1. More than just stories
Learning about the mythological stories is the first step toward understanding the culture that produced them. Mythology is an ancient form of literature. It has been around much earlier and much longer than the written language.
If you think about the mythological stories, you would realize that they represent some ideas. They mirror the structure and functions of the society that they originated from. They talk about the believes of the people, their fears, their concerns, their sorrows, their happiness, their ambitions, their dreams.
When written language was not invented yet, mythological stories were the vehicles to pass knowledge and wisdom. The stories were told and retold by the parents and grandparents to their children and grandchildren. And the knowledge passed from generation to generation.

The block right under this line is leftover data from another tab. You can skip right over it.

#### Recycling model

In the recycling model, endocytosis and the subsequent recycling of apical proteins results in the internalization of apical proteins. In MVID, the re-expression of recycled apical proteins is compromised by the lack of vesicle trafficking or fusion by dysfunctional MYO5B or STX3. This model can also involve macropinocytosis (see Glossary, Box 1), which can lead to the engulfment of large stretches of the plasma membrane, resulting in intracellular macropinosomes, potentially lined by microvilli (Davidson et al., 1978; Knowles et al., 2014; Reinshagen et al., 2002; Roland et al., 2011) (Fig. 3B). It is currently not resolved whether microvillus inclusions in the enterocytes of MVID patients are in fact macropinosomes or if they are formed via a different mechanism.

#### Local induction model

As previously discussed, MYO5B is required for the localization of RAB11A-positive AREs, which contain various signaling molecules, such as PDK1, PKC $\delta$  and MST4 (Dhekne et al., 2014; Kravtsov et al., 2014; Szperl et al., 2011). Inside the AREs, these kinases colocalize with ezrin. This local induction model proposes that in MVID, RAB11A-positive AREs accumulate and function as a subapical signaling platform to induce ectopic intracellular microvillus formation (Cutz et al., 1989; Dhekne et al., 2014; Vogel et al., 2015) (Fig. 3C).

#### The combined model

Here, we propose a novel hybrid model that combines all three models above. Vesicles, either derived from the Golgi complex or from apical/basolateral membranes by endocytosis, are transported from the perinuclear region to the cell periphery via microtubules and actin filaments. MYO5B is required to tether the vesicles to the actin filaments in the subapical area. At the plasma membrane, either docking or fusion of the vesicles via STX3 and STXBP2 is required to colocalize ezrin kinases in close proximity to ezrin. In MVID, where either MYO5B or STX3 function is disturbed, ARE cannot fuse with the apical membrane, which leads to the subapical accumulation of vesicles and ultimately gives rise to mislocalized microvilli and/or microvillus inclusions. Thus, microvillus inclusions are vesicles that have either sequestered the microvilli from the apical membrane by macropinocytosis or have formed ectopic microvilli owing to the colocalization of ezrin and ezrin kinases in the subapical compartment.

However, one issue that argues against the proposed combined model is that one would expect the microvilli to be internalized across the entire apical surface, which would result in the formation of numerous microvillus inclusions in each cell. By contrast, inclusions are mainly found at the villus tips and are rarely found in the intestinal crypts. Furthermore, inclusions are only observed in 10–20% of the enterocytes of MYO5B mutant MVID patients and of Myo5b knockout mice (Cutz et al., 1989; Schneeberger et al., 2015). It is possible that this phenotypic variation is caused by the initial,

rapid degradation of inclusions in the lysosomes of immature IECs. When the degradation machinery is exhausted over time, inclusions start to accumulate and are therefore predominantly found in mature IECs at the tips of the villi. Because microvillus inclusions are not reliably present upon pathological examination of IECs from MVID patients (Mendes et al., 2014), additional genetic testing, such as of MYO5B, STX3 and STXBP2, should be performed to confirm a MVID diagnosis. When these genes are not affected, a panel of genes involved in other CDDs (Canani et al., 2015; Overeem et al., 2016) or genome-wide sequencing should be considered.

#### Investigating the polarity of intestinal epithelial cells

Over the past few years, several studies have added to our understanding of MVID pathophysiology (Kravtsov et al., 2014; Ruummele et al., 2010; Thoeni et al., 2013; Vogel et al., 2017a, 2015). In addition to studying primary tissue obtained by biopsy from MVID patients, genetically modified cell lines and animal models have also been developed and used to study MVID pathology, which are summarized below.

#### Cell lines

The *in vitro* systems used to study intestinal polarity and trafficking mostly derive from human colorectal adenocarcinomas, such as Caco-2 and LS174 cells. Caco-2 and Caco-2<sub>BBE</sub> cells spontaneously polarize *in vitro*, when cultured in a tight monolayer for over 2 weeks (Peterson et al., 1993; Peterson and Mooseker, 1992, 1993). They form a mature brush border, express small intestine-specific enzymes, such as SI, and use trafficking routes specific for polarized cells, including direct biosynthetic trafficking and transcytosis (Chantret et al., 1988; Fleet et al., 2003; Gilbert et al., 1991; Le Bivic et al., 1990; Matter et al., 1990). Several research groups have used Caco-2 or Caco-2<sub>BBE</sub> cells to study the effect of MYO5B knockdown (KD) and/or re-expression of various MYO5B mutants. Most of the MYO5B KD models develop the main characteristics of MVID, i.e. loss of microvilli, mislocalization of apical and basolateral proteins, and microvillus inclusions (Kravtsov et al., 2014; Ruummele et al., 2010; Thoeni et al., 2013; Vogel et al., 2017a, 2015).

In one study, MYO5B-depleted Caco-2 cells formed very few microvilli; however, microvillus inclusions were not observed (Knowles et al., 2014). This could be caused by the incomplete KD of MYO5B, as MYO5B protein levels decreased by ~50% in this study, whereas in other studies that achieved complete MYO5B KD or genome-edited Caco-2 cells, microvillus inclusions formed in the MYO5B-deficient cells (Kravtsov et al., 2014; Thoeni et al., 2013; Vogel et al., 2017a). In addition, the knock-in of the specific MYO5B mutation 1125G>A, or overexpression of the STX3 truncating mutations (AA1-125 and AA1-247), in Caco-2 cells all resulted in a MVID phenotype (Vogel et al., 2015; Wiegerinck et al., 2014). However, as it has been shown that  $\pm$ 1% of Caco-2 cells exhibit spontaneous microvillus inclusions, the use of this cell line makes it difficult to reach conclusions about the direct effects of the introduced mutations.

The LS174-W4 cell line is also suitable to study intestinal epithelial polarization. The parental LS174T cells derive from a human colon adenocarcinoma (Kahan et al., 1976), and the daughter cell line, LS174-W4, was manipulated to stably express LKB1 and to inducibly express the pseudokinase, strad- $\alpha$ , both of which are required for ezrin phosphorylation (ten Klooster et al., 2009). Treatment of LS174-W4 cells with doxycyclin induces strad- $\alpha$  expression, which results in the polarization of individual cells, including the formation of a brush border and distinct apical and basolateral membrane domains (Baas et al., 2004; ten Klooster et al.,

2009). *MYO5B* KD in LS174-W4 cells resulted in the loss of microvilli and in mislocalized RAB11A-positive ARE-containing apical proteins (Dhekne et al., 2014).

Although they appear to be a form of entertainment, mythological stories undoubtedly played some functional roles. They were devised to make sense out of the senseless. Back in those days, there was no modern science to explain nature for us, no sophisticated tools or analysis to understand the world around us.
Just imagine you are a farmer several thousand years ago. You need to produce crops to feed your family. How would you understand the seasonal rhythms? Why does the season change? When does the summer come? How about the winter? How do you know when the rain is coming?
If you cannot predict them on time, you would be in trouble. In those days, it was not something to take lightly. It was a matter of life and death.
So people devised these amazing stories to make sense of these natural phenomena like seasons, eclipse, storm, flood, earth quake, lightening etc.
Contemplation about the natural world, inquiry about the inner self and the connection between them have been one of the oldest preoccupations of Indians. This is vividly reflected by the richness of the Indian mythological stories.